The Jets Were Right to Cut Tim Tebow

Waiving a player who underachieves is smart business, and a review of Tebow's 2012-2013 performance reveals that he did, indeed, fail to live up to expectations.

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AP / Elaine Thompson

Thirteen players have been waived or released by seven teams since the end of the 2013 NFL Draft but only one team has taken public heat for this action: the New York Jets for releasing Tim Tebow. From the tone of some of the articles on this subject since yesterday, you'd think that the Jets had done something heinous and warranting condemnation. Diving into the comments below each of these articles reveals a frightening amount of vitriol for Rex Ryan and the Jets.

But in this year-long saga, did the team really act in a manner so far out of the norm for the NFL? Let me say upfront that I'm a New York Jets season-ticket holder, so I'm not exactly unbiased. But I think that the facts of the situation in New York exonerate the team from the accusations coming from Tebow's supporters.

The Jets traded fourth- and sixth-round draft picks to the Denver Broncos in exchange for Tim Tebow and a seventh-round pick in March 2012. The team clearly believed that he had something to offer as a role player. The language of Jets coaches in the aftermath of the trade makes this clear—they had little intention of using him as a starting quarterback. He was to be a jack of all trades: run the wildcat formation, be a punt-protector, and try his hand as a receiver. Even if this trade turned out to be a total bust in hindsight, that doesn't mean it was a bad trade at the time; most late-round picks will never start for their NFL teams. Lower-round picks tend greatly towards speculation on talent and depth—lots of upside for not a lot of risk. This trade fits right into that category.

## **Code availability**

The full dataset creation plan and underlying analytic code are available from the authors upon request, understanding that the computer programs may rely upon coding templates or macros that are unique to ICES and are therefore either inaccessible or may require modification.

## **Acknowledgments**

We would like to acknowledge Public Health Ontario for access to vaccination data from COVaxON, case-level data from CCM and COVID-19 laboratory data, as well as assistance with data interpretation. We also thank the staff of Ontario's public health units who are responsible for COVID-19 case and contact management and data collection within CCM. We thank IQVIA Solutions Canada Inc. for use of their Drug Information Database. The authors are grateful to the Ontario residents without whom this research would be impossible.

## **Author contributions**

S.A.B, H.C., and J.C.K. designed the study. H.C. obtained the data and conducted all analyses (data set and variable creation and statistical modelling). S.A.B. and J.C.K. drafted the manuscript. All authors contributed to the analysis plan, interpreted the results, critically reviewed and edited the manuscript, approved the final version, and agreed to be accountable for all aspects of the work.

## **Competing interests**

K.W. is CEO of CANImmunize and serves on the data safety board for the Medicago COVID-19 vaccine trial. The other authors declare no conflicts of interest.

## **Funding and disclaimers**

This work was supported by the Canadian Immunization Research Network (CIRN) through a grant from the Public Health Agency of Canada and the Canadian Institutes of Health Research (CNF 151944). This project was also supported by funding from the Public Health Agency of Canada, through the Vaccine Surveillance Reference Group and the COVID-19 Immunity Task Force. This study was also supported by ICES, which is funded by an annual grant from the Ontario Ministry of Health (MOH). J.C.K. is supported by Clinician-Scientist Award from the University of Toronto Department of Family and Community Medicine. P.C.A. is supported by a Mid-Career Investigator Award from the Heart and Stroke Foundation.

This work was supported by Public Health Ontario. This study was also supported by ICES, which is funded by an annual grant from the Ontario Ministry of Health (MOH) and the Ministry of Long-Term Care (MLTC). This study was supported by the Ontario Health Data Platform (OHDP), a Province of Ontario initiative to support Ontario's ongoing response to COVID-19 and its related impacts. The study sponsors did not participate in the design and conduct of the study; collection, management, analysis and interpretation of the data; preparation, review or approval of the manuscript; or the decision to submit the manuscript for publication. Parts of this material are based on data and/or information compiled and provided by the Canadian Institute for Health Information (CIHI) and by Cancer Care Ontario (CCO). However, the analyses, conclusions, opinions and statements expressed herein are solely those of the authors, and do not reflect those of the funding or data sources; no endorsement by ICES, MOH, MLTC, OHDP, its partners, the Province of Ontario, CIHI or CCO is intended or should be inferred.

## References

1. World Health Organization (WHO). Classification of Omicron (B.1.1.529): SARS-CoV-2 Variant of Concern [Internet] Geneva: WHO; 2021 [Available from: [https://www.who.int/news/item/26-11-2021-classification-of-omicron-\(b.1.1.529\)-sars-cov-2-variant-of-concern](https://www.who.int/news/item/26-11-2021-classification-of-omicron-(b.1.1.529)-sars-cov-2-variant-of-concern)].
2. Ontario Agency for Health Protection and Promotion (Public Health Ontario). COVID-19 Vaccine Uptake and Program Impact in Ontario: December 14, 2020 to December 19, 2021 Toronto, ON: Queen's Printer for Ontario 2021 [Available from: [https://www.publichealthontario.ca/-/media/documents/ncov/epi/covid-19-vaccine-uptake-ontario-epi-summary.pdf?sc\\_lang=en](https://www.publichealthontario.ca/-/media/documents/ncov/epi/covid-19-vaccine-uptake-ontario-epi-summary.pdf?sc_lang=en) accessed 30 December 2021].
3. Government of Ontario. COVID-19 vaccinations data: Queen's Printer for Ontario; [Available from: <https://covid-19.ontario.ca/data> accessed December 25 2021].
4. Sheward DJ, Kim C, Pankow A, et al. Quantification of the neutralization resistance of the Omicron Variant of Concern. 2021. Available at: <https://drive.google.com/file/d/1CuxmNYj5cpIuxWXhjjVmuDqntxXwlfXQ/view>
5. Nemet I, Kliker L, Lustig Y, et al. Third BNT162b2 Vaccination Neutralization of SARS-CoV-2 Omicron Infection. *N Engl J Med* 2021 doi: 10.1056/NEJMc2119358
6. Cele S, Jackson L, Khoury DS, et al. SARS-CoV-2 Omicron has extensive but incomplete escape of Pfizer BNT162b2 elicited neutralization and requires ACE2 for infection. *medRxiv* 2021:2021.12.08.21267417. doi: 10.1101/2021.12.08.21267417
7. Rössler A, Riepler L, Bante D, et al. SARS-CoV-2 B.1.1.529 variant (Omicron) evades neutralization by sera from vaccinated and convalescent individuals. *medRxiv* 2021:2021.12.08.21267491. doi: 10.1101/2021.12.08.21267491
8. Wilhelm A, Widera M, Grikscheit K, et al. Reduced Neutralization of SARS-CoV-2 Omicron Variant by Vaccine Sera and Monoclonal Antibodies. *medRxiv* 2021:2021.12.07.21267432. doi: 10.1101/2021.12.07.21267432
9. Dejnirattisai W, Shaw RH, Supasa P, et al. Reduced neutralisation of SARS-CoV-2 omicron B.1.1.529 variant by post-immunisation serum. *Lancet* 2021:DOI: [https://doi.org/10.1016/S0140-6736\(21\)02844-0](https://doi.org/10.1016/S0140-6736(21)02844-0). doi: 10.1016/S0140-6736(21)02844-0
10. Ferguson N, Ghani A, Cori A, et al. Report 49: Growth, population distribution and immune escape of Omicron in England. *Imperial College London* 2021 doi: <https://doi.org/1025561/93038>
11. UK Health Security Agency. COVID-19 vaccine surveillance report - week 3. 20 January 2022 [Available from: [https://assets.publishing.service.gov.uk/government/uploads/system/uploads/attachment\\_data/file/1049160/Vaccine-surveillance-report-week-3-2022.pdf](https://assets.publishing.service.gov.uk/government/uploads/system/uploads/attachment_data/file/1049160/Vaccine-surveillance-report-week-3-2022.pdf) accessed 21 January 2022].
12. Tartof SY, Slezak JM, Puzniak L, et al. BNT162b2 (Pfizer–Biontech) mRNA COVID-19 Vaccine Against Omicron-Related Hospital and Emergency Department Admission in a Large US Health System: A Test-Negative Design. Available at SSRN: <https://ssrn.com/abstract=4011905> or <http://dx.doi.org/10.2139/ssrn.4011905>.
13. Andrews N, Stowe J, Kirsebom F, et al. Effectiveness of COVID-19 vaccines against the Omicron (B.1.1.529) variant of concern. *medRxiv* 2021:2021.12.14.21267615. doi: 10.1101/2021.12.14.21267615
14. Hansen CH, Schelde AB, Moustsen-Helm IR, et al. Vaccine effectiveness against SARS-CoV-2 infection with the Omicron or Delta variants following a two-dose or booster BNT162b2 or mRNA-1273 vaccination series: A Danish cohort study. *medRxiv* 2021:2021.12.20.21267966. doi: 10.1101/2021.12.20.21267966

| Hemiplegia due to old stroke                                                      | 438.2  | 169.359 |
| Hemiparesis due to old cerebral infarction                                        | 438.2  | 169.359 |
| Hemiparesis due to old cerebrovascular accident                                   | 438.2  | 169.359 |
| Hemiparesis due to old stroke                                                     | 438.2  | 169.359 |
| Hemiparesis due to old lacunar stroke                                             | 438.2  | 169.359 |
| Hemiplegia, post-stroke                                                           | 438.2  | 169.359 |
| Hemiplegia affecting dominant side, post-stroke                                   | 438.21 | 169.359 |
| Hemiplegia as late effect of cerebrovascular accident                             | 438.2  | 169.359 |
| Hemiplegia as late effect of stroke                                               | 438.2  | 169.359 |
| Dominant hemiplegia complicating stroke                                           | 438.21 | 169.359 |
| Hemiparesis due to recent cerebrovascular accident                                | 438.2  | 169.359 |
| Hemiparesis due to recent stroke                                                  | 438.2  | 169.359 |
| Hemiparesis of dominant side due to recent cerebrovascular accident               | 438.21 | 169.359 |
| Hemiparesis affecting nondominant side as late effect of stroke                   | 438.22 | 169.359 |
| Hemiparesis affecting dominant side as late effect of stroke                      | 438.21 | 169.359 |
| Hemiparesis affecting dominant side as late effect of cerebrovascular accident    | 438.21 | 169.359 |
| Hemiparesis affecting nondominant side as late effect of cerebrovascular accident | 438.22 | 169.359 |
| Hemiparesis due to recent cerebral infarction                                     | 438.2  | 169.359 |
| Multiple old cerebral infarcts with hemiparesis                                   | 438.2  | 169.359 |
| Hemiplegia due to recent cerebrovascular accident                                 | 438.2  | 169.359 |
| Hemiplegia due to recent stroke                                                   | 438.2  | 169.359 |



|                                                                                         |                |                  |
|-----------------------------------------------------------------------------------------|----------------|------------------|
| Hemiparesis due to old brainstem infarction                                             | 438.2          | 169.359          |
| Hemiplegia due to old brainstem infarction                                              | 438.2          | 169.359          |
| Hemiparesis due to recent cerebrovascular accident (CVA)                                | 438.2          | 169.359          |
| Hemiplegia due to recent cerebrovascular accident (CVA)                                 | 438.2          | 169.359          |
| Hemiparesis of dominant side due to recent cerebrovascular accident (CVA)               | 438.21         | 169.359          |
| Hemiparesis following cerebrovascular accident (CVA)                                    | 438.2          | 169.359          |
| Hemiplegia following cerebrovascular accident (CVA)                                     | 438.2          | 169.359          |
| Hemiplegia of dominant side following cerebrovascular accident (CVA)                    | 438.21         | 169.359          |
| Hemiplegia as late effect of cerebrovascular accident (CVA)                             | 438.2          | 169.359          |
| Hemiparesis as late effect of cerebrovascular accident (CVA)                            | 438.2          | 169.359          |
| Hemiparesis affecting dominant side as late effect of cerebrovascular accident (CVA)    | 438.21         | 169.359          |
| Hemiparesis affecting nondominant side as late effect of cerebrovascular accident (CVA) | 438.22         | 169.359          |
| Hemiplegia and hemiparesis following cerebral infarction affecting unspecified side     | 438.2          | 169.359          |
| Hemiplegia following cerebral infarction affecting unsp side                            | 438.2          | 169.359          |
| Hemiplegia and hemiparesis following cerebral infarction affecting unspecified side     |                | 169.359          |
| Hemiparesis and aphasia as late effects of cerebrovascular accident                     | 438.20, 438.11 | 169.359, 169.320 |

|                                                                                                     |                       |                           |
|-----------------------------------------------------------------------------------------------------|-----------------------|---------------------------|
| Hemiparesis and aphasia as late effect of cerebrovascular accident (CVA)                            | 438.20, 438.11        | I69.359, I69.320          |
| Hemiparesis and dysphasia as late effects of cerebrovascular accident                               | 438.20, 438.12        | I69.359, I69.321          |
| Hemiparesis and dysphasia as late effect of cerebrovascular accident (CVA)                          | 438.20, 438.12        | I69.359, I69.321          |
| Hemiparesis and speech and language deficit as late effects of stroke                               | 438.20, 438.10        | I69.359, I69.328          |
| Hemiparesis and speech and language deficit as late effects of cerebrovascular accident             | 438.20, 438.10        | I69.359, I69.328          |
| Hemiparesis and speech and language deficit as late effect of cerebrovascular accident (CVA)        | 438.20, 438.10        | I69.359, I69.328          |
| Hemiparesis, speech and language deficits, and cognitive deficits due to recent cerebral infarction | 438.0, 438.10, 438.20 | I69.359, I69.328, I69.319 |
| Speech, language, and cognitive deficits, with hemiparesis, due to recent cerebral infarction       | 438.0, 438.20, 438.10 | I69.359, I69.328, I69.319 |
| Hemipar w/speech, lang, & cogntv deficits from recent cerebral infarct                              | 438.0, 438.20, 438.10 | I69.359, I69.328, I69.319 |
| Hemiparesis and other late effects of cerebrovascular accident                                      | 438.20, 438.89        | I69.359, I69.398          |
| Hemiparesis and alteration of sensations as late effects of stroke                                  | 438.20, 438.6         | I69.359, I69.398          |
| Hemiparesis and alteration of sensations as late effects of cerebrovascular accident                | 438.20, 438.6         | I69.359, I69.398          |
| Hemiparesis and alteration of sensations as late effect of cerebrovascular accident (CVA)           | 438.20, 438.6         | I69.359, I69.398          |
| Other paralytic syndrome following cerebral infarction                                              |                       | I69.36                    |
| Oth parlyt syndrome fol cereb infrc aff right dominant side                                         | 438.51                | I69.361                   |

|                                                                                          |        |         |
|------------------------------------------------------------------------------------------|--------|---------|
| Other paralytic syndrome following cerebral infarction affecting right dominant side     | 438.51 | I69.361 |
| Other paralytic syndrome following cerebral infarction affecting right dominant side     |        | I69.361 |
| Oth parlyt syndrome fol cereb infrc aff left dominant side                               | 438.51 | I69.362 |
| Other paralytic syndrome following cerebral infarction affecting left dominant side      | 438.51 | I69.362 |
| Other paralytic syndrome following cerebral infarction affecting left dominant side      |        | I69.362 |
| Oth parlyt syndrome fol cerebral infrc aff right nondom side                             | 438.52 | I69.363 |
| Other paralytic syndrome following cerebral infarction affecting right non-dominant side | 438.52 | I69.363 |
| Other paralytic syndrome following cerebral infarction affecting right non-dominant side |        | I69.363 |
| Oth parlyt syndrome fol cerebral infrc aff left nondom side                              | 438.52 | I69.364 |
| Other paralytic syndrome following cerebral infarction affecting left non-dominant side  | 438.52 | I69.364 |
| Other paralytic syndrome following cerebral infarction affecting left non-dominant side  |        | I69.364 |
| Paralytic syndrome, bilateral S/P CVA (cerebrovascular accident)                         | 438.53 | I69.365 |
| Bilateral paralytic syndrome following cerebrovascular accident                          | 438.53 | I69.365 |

During last season Tebow appeared in 77 offensive snaps across 11 games; the Jets played him more frequently than nearly any backup quarterback in the league who wasn't filling in due to an injury. This wasn't enough for many of his supporters: They wanted him to start, but Rex Ryan and the Jets were seen as preventing that from happening. Is it possible that Ryan didn't start Tebow because he doesn't like him? Perhaps. Is it more likely that there's a football-related reason involved? Yes, because when the Jets signed Tim Tebow they did not anticipate one key thing: He's terrible in practice.

This isn't news; his poor practice record been established by teammates in both Denver and New York. You can't go 2-10 with four sacks and an interception in practice and expect to be used in any role as a quarterback for a professional team. What kind of team would look at that kind of performance and reward it? Some might say that only game-time experience should count towards the perception of a player. But if you're trying to train someone to a role, and that person repeatedly demonstrated a failure to learn the basics of the position, common sense dictates that you look for another option. This is why the Jets selected Greg McElroy as a starter in their Week 16 matchup against the Chargers instead of Tim Tebow.